I know that some folks get scared when they have to be close to houseless people. I encourage those folks to come down to the Artesian Well during daylight and introduce themselves to the people who move through that setting. There are lots of tattoos, piercings, and a fair amount of cursing, but there is also a lot of openness, music, support, and community. There are scary, dangerous folks everywhere, on the street, in the burbs, in the police force, but most of the folks everywhere are just human being like you and me. Make the effort to connect and see what happens. Stop thinking, “there but for the grace of God, go I” and start thinking “there by the grace of God, go I.” Really attempt to connect with the folks and see what happens. If they ask you or tell you to leave them alone, leave them alone. It ain’t rocket science.

I have no problem Empty Houses, have you seen any? with an ordinance against aggressive panhandling. I am politely asked to share what I have in my pocket regularly and I share what I can. When I say, hey, wish I could, but I am short, I almost always get an “ok, thanks” type of response. I don’t want to be harassed when I say no, and it doesn’t happen to me. I suspect it doesn’t happen because I really engage with the people asking, I look them in the eye when I tell them I am short. I don’t avoid the folks. I treat them with respect and they respond in kind.

Although I am not keen on the whole idea of prohibition (I have some libertarian impulses) I think I am supportive of a ban on fortified wines in downtown. I hope for a day when there alcohol, drug consumption and possession are not a crime and when the money saved from the “war on drugs” is redirected to substance abuse treatment on request, fully funded. I guarantee you that this approach to dealing with drugs will be more cost-effective and humane.

Come to Olympia. I will see you in the streets.

Sen. Cantwell sponsors extension of the Low Income Housing Tax Credit

At a forum on low income housing and homelessness prevention Friday, August 26, Sen. Maria Cantwell discussed the bill that she is co-sponsoring with Republican Sen. Olympia Snowe to extend and strengthen the affordable housing tax credit.  The forum took place at the Salishan housing development in Tacoma and was attended by about 300 people who have served as leaders, volunteers or activists in the area of affordable housing and shelter.  Many of the attendees represented churches that participate actively in homelessness prevention.

 Sen. Cantwell lauded the success of the low income housing tax credit in providing 90% of all affordable housing.  She said that 20,000 additional units will be needed in Tacoma over the next 10 years.  The 630 units that have been built in Salishan are the result of this tax credit.    The program is producing fewer units today, she said, because since 2008 there has been a reduced demand for the credits.  It has been difficult to find private capital and projects have been stalled nationally.  The problem is the fluctuation in the credit allocations with interest rates, so that the amount of the tax credits is currently too low.  The program is due to expire in 2013.  In introducing the extension, she and Sen. Snowe are proposing certainty in the allocation formula even if interest rates are low.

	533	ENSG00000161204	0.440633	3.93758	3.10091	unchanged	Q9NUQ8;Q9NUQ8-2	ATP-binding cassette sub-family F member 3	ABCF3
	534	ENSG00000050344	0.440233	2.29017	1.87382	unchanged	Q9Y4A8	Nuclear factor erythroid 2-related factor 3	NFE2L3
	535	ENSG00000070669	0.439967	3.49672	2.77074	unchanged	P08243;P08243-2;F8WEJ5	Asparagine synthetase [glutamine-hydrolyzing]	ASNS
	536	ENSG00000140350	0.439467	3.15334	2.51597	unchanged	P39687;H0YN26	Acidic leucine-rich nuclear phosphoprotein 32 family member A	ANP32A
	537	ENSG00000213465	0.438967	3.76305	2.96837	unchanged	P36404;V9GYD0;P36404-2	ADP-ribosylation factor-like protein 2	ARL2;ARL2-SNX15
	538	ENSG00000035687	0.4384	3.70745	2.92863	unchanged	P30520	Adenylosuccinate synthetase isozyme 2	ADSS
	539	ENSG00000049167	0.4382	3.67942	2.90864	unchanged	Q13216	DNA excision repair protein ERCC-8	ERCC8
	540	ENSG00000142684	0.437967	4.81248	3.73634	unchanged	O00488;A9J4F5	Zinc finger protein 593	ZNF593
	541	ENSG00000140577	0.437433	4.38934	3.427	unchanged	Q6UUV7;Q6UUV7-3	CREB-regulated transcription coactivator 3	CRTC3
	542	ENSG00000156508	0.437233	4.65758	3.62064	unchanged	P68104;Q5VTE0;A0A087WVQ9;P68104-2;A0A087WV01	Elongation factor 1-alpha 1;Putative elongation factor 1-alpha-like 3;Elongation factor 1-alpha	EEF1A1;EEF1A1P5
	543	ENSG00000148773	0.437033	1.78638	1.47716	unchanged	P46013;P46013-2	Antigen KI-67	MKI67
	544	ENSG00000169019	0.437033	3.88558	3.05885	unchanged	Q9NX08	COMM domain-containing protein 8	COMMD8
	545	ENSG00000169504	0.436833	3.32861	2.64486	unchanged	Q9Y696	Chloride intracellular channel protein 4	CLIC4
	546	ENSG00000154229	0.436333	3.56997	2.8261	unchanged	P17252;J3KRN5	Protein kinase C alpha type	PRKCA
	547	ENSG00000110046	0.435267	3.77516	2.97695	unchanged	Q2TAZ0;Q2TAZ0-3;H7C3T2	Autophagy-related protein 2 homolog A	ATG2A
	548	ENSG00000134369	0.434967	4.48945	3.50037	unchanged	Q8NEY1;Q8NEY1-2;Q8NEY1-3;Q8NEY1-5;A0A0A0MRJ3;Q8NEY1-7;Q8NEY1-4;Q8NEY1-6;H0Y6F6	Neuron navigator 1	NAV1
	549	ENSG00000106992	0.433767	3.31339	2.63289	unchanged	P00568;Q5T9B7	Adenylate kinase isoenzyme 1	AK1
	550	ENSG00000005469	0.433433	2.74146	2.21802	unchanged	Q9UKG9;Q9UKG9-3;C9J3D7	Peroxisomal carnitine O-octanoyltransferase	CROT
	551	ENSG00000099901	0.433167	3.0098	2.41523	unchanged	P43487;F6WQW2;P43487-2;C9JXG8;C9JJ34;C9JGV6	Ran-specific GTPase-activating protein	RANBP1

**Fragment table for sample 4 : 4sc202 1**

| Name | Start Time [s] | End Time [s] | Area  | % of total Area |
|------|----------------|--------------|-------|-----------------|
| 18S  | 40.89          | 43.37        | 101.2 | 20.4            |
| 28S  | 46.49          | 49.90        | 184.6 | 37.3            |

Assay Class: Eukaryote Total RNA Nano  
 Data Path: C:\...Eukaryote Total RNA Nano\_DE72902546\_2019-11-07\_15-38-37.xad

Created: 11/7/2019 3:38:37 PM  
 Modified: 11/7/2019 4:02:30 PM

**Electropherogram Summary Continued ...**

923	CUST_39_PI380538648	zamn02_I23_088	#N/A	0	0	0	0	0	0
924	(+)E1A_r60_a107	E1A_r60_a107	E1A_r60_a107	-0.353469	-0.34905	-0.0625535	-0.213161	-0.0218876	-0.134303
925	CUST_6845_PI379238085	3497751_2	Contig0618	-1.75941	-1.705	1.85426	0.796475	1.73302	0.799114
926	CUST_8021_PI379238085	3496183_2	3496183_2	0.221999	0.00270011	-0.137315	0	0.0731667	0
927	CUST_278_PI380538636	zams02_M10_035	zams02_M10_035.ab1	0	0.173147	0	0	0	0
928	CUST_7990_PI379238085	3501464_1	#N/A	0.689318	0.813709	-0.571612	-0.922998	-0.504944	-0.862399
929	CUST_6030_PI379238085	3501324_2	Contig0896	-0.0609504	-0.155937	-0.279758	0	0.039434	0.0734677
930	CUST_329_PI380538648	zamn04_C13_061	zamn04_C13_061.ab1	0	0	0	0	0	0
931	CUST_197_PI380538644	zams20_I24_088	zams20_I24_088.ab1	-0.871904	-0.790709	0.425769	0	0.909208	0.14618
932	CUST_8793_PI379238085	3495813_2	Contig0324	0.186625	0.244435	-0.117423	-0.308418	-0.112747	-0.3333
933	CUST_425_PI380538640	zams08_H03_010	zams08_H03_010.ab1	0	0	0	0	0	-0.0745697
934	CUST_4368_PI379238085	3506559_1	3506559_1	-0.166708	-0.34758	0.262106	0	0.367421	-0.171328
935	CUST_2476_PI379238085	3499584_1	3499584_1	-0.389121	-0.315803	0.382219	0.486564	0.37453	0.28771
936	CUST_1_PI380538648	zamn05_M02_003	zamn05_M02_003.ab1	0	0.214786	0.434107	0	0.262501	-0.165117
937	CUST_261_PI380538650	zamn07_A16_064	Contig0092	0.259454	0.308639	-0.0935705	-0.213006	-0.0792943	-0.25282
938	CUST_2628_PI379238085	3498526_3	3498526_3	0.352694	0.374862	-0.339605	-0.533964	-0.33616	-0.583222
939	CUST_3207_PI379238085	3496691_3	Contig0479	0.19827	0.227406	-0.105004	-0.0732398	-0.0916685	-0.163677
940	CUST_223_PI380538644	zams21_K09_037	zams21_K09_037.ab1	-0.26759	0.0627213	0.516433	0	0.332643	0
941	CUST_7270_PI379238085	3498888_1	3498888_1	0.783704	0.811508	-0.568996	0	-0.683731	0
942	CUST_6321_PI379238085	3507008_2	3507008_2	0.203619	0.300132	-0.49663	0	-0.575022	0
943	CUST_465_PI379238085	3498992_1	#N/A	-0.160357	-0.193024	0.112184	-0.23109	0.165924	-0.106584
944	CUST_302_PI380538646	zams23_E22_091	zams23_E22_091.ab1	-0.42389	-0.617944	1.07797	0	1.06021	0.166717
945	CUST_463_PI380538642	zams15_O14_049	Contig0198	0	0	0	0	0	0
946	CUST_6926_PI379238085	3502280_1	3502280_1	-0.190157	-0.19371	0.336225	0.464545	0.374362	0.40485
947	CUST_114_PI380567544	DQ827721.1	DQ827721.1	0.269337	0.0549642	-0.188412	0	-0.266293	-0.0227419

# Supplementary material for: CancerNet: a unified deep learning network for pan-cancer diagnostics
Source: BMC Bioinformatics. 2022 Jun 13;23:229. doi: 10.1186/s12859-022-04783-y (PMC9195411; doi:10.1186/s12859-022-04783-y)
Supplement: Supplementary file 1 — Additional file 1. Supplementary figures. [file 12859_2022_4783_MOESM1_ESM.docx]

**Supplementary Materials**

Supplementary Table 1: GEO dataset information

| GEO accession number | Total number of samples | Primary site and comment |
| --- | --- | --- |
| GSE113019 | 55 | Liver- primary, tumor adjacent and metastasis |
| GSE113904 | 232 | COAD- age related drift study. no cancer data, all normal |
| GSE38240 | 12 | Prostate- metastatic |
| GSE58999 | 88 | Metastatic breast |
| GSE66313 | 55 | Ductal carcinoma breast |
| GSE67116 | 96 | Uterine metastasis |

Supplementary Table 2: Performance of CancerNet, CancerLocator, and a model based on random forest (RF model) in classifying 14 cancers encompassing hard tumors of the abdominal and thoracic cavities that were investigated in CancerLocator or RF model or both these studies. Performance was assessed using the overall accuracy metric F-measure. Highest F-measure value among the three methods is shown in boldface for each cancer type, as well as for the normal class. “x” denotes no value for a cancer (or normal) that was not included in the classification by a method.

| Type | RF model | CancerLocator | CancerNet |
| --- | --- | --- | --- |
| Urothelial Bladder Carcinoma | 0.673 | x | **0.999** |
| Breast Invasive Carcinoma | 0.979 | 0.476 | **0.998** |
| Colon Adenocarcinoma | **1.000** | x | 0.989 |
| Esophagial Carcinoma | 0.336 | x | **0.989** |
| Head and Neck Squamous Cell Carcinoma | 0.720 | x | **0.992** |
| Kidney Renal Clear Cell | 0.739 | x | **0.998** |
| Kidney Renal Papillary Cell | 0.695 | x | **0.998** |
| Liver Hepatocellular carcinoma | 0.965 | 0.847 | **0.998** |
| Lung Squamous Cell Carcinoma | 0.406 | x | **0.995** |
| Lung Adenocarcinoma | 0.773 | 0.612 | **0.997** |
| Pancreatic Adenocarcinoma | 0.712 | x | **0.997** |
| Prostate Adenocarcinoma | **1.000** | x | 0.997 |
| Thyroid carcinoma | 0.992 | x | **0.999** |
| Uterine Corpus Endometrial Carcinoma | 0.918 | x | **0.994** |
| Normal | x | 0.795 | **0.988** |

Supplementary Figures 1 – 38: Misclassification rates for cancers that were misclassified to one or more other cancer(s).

In discussing the political aspects of getting the bill passed, Sen. Cantwell sought to frame the issue in terms of job creation.  She said the program could be sold as economic development and job creation in the construction industry.  She said that the program produced 140,000 construction jobs in the state.  Comparing the effects of public and private investment, she said that the federal government can stimulate the economy at a rate of 20 times the effectiveness of private industry.  Responding to a panelist’s question about how she would overcome political opposition, she said that she asks opponents what is holding them back from voting for the proposal.  She felt that pressure from constituents in favor of the extension would be the most means of getting it passed.

On related issues, she said that Washington State is 16th in the nation in foreclosures, with one home out of 781 in foreclosure in June.  There are 75,000 homes in foreclosure in Pierce County.

Rachel Myers of the Washington Low Income Housing Alliance said that that people who never used services before, and who had previously been donors, are now requesting services.  

Lisa Wolters of the Seattle Housing Authority discussed the severe backlog in the Section 8 housing program.  There are currently 50,000 Section 8 vouchers in use in Washington State.  The FY2011 appropriations bill cuts staff and impacts veterans’ programs.  King County recently opened up Section 8 applications for the first time in years and received 25,000 applications, from which 2500 randomly selected households will be considered.